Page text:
[dave at farber.net: [IP] READ UK gov wants MS to give them a backdoor into Windows Vista ?! READ]

Eugen Leitl eugen at leitl.org
Wed Feb 15 07:04:46 PST 2006

-------- Original Message --------
Subject: UK gov wants MS to give them a backdoor into Windows Vista ?!?
Date: Wed, 15 Feb 2006 09:16:15 -0500
From: Richard Forno <rforno at infowarrior.org>
To: Blaster <rforno at infowarrior.org>
CC: Dave Farber <dave at farber.net>

UK holds Microsoft security talks
By Ollie Stone-Lee
BBC News political reporter

UK officials are talking to Microsoft over fears the new version of Windows
could make it harder for police to read suspects' computer files.

Windows Vista is due to be rolled out later this year. Cambridge academic
Ross Anderson told MPs it would mean more computer files being encrypted.

He urged the government to look at establishing "back door" ways of getting
around encryptions.

The Home Office later told the BBC News website it is in talks with

Professor Anderson, professor of security engineering at Cambridge
University, was giving evidence to the Commons home affairs select committee
about time limits on holding terrorism suspects without charge.

He said: "From later this year, the encryption landscape is going to change
with the release of Microsoft Vista."

The system uses BitLocker Drive Encryption through a chip called TPM
(Trusted Platform Module) in the computer's motherboard.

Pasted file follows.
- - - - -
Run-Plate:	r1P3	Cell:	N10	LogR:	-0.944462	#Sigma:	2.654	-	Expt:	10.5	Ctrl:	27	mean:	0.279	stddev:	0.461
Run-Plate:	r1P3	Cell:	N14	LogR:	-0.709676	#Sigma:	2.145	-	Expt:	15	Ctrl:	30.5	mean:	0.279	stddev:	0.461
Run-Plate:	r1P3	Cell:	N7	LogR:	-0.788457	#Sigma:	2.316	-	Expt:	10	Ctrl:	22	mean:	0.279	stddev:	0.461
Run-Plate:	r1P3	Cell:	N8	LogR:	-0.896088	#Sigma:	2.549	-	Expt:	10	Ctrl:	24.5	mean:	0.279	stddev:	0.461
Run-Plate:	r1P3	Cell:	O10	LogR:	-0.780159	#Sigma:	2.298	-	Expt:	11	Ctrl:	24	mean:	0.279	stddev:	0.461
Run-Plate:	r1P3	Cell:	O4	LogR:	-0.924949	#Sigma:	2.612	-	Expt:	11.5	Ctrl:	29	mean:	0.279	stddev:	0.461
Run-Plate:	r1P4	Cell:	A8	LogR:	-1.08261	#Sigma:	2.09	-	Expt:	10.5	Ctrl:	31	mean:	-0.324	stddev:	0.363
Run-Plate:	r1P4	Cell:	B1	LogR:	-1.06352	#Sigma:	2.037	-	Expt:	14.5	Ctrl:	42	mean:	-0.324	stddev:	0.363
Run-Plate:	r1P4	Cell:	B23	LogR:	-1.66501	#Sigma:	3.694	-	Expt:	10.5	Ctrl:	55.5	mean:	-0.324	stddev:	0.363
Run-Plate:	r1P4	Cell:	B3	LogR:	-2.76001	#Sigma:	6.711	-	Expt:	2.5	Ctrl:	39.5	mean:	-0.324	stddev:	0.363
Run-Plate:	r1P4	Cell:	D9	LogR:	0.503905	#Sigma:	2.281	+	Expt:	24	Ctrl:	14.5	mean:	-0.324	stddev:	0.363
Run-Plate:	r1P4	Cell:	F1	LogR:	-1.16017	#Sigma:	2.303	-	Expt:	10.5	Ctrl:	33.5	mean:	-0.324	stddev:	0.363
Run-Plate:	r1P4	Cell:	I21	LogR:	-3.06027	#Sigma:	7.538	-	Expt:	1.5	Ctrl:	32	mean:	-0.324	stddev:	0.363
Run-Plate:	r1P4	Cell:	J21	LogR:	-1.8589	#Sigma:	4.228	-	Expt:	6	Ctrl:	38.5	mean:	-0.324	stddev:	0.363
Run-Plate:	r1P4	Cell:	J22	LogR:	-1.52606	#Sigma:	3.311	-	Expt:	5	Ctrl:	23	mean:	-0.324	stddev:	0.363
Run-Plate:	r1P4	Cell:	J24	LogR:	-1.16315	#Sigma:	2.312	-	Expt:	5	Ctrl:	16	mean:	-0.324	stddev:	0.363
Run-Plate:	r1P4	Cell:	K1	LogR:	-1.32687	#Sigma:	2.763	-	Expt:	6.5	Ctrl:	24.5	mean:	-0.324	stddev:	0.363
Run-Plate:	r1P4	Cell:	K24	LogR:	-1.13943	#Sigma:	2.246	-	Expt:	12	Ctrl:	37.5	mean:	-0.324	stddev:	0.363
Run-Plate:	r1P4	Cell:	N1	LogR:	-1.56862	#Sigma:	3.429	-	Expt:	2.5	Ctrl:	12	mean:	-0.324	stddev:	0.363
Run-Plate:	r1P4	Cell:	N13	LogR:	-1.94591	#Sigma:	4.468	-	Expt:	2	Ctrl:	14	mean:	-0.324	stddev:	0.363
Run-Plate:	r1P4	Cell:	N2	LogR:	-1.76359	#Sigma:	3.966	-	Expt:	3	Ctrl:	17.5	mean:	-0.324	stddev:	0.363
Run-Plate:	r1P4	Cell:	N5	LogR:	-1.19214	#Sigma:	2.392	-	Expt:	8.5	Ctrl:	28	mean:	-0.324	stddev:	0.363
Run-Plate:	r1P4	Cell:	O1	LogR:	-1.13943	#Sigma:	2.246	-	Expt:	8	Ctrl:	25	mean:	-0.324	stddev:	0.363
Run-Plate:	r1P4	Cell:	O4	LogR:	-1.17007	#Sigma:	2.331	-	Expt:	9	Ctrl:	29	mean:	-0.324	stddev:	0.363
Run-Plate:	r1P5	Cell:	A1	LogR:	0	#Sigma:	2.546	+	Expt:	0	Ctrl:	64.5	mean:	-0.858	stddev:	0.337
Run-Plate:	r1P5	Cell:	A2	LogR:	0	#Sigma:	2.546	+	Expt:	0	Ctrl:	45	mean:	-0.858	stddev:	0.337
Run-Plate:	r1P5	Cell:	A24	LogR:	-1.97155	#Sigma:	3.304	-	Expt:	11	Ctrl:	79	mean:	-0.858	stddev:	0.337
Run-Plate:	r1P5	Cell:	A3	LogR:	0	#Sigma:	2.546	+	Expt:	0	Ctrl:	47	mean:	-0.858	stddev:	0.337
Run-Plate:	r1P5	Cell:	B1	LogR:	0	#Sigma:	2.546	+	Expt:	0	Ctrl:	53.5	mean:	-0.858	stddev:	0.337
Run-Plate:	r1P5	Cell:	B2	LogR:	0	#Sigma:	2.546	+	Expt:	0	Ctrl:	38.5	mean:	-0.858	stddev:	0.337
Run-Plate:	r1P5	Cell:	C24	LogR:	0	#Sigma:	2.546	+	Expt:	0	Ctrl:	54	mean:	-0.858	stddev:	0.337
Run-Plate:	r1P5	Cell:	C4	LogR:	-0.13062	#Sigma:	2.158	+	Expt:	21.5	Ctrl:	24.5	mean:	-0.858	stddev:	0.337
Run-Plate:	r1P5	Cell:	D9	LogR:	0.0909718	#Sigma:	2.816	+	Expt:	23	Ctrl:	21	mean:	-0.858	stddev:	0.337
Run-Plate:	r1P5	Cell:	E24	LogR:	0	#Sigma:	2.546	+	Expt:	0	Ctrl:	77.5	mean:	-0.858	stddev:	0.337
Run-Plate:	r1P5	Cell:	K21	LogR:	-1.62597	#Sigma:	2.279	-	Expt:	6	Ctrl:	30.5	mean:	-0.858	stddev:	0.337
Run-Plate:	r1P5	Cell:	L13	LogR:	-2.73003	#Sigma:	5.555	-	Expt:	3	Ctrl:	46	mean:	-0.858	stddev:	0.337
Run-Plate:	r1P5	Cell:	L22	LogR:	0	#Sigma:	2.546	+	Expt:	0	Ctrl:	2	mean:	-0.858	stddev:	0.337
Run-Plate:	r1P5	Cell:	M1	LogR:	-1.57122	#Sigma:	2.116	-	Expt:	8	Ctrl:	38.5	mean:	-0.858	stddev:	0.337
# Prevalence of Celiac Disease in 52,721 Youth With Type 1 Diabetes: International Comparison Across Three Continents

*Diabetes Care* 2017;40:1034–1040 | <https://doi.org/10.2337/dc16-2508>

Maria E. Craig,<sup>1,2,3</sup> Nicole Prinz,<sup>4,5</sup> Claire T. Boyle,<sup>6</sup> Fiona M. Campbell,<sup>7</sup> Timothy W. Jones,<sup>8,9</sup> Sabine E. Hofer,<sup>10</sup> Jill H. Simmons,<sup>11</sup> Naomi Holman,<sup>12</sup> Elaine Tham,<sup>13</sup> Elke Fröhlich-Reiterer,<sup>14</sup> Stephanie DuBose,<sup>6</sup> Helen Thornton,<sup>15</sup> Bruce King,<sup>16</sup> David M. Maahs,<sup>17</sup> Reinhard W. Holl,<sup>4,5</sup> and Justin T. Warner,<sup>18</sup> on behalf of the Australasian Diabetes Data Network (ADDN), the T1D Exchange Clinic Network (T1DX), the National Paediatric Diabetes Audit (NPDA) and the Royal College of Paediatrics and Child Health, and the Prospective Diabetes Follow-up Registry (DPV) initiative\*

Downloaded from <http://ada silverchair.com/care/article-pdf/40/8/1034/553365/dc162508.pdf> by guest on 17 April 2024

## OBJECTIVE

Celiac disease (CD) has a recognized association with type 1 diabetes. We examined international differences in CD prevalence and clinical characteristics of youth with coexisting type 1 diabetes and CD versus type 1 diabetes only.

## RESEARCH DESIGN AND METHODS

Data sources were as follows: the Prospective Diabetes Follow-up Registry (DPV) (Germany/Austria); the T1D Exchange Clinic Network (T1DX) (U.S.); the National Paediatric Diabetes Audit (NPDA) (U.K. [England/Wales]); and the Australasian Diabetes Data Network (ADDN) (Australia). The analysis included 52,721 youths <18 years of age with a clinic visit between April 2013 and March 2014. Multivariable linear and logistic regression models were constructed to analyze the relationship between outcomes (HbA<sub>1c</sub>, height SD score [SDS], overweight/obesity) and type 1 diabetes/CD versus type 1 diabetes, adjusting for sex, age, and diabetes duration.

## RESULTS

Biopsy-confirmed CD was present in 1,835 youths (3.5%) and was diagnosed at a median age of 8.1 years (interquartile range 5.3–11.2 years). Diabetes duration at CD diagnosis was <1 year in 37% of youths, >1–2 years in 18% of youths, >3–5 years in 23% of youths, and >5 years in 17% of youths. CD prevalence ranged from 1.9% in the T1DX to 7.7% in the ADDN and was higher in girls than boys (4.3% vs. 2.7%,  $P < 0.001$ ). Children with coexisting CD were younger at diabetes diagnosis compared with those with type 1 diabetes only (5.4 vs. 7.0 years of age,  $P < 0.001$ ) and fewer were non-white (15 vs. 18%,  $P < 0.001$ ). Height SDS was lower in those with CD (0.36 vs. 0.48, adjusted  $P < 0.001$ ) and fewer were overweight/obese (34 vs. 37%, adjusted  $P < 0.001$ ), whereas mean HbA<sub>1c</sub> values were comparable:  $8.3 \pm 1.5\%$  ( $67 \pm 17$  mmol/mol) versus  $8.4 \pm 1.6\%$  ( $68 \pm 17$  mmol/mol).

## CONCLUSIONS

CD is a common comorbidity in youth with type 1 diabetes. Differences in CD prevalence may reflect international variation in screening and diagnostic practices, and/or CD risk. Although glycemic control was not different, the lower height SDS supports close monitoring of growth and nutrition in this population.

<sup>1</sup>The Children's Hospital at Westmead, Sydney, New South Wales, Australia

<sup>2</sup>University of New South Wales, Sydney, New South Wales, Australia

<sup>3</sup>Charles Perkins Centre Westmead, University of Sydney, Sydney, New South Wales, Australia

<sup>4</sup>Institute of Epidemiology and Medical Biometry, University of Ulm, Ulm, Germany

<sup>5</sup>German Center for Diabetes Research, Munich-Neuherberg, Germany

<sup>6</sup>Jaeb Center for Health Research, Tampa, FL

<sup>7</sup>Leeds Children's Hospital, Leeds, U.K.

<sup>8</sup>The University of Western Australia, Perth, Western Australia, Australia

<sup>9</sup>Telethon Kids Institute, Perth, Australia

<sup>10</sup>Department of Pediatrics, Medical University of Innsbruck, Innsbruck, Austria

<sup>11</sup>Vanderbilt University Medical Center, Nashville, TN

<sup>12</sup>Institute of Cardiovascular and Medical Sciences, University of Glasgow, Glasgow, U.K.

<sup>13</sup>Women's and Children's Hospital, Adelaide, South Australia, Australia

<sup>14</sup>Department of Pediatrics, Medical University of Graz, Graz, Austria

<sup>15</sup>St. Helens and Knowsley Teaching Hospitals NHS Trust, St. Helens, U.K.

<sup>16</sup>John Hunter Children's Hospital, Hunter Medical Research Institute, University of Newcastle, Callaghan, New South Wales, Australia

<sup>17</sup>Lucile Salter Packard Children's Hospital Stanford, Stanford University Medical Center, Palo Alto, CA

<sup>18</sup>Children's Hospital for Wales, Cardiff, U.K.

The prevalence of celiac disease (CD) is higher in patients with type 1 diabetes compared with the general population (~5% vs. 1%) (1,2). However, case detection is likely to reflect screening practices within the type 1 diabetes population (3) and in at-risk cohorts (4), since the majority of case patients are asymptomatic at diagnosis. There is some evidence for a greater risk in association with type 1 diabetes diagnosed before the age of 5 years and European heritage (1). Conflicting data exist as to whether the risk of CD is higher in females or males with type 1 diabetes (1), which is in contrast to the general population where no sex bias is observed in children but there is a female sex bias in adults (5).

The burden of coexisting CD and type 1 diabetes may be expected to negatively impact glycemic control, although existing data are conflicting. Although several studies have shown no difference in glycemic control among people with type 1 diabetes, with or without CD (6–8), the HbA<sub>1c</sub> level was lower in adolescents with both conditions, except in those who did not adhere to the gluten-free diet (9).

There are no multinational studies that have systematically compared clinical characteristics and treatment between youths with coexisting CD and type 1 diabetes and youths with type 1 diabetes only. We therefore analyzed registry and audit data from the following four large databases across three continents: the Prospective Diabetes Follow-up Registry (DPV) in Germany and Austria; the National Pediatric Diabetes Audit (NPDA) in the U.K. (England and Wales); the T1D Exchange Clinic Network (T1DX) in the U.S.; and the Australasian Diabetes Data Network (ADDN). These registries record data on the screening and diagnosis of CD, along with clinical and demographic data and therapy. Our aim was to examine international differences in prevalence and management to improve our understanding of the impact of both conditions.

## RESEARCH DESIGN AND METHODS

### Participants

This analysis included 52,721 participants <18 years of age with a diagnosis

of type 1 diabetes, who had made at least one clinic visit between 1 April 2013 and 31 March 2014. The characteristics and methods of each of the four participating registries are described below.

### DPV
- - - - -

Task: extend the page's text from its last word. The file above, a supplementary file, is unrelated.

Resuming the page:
It is partly aimed at preventing people from downloading unlicensed films or

"This means that by default your hard disk is encrypted by using a key that
you cannot physically get at...

"An unfortunate side effect from law enforcement is it would be technically
fairly seriously difficult to dig encrypted material out of the system if it
has been set up competently."

Professor Anderson said people were discussing the idea of making computer
vendors ensure "back door keys" to encrypted material were made available.

The Home Office should enter talks with Microsoft now rather than when the
system is introduced, he said.

He said encryption tools generally were either good or useless.

"If they are good, you either guess the password or give up," he said.

The committee heard that suspects could claim to have lost their encryption
key - although juries could decide to let this count this against them in
the same way as refusing to answer questions in a police interview.

A Home Office spokesman said: "The Home Office has already been in touch
with Microsoft concerning this matter and is working closely with them."

Increased awareness about high-tech crime and computer crime has prompted
the Home Office to talk to IT companies regularly about new software.

Government officials look at the security of new systems, whether they are
easy for the general public to hack into and how the police can access
material in them.

Preventing tampering

On its Windows Vista website, Microsoft says Bitlocker Drive Encryption
"provides considerable off-line data and operating system protection for
your computer".

"BitLocker ensures that data stored on a computer running Windows Vista is
not revealed if the machine is tampered with when the installed operating
system is offline," it says.

The system, part of what is called "trusted computing" mechanisms, is
designed to stop malicious programs being installed surreptitiously on

The Trusted Computing Group has been working for some years on a
hardware-based system which is built into the motherboards of many
Intel-based computers.

But most people will not be able to use its features until Microsoft Windows
Vista is launched.

Critics say the companies behind most trusted computing want to use digital
rights management to ensure users cannot use programs they have not

Story from BBC NEWS:

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